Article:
Hashem praises Noach as an “ish tzadik tamim.” The Hebrew word “tam,” sometimes translated as “perfect,” is more accurately “innocent” — while implying simplicity, purity, wholeheartedness, sincerity and completeness.

A lack of temimus takes a devastating toll on our inner world. Consider the core of our daily religious practice, Torah and tefillah. While we may be able to intellectually explain numerous peshatim and peirushim with fancy, highbrow language, engaging modern and ancient literary devices and analytical tools, it is the middah of temimus that connects us to what we are learning, saying and doing. Rather than merely articulating a mass of eloquent theoretical information, davening with temimus brings alive a simple truth: we are speaking with the Creator, Sustainer and Master of the World.


This past week marked Rosh Chodesh Mar-Cheshvan. A number of explanations are suggested regarding the root of the name and essence of this month. The prefix “mar” means “bitter,” a reference to this month being broken-hearted over its lack of any festivals. “Mar” also means “drop,” referring here to the first rains (the Yoreh), which fall in Cheshvan. Sefer HaAruch suggests a word play: this month is “Merachesh-vahn” — merachesh (flowing) vahn (with water), as this is the month when we begin to pray for winter rains.

The Gemara (Taanis, 25b) recounts how, during a severe drought, the great Rabbi Eliezer rose before the community and prayed for rain — reciting the six extra blessings for rain ordained by the Sages to be added into the Amidah. Despite his 24 blessings, rain did not fall. Rabbi Akiva then went before the ark and cried out:

”אָבִינוּ מַלְכֵּנוּ אֵין לָנוּ מֶלֶךְ אֶלָּא אָתָּה. אָבִינוּ מַלְכֵּנוּ, לְמַעַנְךָ רַחֵם עָלֵינוּ!“

“Our Father, our King, we have no King other than You. Our Father, our King, for Your sake, have mercy on us!”

His prayers were answered immediately. The Gemara then points to Rabbi Akiva’s forgiving nature as the reason his prayers were more effective than those of his teacher Rabbi Eliezer. The Arizal (Sefer HaKavanos), however, asserts that Rabbi Akiva opened his heart and cried out to Hashem with unscripted words and with complete humility and self-effacement, davening with temimus.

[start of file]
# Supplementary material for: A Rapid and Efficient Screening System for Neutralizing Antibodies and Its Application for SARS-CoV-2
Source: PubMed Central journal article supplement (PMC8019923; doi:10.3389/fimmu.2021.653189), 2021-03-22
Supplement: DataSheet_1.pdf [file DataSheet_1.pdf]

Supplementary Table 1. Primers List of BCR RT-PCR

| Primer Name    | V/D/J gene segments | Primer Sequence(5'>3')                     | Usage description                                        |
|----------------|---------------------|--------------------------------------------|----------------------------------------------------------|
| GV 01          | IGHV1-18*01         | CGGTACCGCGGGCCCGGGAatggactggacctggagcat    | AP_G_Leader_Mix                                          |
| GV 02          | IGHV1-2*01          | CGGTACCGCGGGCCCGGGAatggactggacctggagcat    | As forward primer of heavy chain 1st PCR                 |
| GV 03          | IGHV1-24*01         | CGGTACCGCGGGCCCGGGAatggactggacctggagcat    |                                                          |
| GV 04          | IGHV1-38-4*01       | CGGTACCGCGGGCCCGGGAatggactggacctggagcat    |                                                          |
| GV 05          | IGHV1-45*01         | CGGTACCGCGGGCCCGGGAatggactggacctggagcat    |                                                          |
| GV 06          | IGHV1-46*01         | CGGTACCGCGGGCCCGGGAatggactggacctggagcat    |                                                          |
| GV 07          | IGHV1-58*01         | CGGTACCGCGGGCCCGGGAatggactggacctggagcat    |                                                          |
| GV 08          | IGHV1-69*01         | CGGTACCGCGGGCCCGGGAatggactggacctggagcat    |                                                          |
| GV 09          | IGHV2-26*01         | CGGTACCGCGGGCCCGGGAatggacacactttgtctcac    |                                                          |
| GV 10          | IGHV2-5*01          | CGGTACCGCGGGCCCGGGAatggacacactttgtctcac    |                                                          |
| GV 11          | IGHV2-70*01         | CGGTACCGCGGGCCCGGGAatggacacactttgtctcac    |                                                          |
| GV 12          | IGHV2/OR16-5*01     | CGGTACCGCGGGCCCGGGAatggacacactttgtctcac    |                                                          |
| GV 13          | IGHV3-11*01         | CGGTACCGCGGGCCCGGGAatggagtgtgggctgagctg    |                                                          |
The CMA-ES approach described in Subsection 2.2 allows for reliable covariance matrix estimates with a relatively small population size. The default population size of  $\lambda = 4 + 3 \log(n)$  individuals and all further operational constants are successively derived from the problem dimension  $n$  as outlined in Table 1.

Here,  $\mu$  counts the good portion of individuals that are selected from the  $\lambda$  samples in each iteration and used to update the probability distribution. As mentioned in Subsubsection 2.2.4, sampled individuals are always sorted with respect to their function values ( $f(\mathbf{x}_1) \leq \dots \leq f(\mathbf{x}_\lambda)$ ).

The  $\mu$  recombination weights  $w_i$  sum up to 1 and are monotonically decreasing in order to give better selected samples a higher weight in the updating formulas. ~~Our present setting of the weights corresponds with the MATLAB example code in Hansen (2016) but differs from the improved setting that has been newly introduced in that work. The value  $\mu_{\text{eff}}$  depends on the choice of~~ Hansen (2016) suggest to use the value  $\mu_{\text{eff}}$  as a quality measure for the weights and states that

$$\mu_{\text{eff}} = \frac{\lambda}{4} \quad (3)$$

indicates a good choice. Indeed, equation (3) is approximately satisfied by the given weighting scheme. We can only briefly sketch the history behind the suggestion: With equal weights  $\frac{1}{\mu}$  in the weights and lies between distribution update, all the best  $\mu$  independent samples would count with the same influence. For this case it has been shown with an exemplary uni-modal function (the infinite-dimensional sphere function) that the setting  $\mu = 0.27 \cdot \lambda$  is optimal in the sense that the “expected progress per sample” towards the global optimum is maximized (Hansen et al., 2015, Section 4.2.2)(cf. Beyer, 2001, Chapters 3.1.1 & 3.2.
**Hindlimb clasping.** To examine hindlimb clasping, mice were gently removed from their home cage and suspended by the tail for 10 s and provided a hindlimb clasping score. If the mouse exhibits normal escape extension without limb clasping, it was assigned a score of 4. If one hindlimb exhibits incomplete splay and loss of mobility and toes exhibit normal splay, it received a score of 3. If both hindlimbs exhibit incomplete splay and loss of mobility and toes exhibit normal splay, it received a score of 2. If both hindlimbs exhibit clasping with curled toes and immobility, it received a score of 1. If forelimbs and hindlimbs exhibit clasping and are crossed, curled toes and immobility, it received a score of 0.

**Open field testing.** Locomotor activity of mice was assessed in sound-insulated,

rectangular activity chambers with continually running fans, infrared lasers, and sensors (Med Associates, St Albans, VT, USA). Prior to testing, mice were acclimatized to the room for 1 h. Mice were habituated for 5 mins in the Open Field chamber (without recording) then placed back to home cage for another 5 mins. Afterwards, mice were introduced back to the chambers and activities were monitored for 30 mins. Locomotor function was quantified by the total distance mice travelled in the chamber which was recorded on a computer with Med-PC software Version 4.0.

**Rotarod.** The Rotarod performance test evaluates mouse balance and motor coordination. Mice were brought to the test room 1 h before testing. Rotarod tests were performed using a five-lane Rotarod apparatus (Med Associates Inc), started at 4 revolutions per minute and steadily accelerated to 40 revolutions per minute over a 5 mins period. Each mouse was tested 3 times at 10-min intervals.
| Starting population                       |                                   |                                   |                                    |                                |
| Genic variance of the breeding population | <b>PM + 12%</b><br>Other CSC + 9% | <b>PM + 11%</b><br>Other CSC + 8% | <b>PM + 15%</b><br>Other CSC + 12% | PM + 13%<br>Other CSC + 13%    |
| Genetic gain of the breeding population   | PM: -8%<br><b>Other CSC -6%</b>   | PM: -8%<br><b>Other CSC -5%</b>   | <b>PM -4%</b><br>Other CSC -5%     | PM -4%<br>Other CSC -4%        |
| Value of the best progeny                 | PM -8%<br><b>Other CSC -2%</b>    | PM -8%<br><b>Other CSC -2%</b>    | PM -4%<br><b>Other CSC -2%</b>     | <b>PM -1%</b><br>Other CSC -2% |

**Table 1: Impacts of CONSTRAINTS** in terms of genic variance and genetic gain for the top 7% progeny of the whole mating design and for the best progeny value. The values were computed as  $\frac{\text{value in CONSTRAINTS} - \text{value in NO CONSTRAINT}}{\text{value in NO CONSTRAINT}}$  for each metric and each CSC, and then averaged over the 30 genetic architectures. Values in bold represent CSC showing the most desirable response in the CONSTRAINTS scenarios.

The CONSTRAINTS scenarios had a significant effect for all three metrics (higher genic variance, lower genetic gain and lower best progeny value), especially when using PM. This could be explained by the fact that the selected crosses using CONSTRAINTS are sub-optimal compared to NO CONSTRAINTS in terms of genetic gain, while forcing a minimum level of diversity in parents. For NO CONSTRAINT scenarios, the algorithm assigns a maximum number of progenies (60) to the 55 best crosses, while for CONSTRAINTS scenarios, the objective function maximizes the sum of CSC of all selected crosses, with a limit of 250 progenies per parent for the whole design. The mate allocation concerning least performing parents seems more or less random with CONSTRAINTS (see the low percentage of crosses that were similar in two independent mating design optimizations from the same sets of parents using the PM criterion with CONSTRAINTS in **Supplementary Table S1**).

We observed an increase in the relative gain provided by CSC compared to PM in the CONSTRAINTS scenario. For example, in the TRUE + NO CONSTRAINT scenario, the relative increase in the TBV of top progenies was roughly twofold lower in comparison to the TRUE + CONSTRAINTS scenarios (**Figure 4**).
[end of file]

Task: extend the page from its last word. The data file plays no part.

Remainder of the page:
The Gemara (Megillah, 27b) considers the length of time that one prayed, as the time it is “סְדוּרָה בְּפִיו — arranged in his mouth,” meaning the period it continues to linger after one has completed his formal davening. If we have prayed with temimus, our lips may still be subtly — and even subconsciously — articulating those prayers for quite some time.

Arugas Habosem relates that in the month of Marcheshvan, “marchushei merachshin — our lips are still moving,” with the holy songs and prayers of the past month of Tishrei. Whispers of the elevated nigunim, songs and tefillos of Selichos, Rosh Hashanah, Yom Kippur and Sukkos still echo in our ears.

Before our memories of the High Holy Days and our kabbalos — our holy resolutions — for the new year begin to fade, let us take up the opportunity of Cheshvan. Let us take this time to process and reflect on our Tishrei prayers, and the lingering taste of their words and letters. In this way, may Marcheshvan be sweetened with the after-glow of those festivals.

And may the Ribbono Shel Olam always hear our sincere prayers, accept our service of temimus and “make it rain” with floods of blessing!

Rav Judah Mischel is executive director of Camp HASC, the Hebrew Academy for Special Children. He is the mashpiah of OU-NCSY, founder of Tzama Nafshi and the author of “Baderech: Along the Path of Teshuva.” Rav Judah lives in Ramat Beit Shemesh with his wife Ora and their family.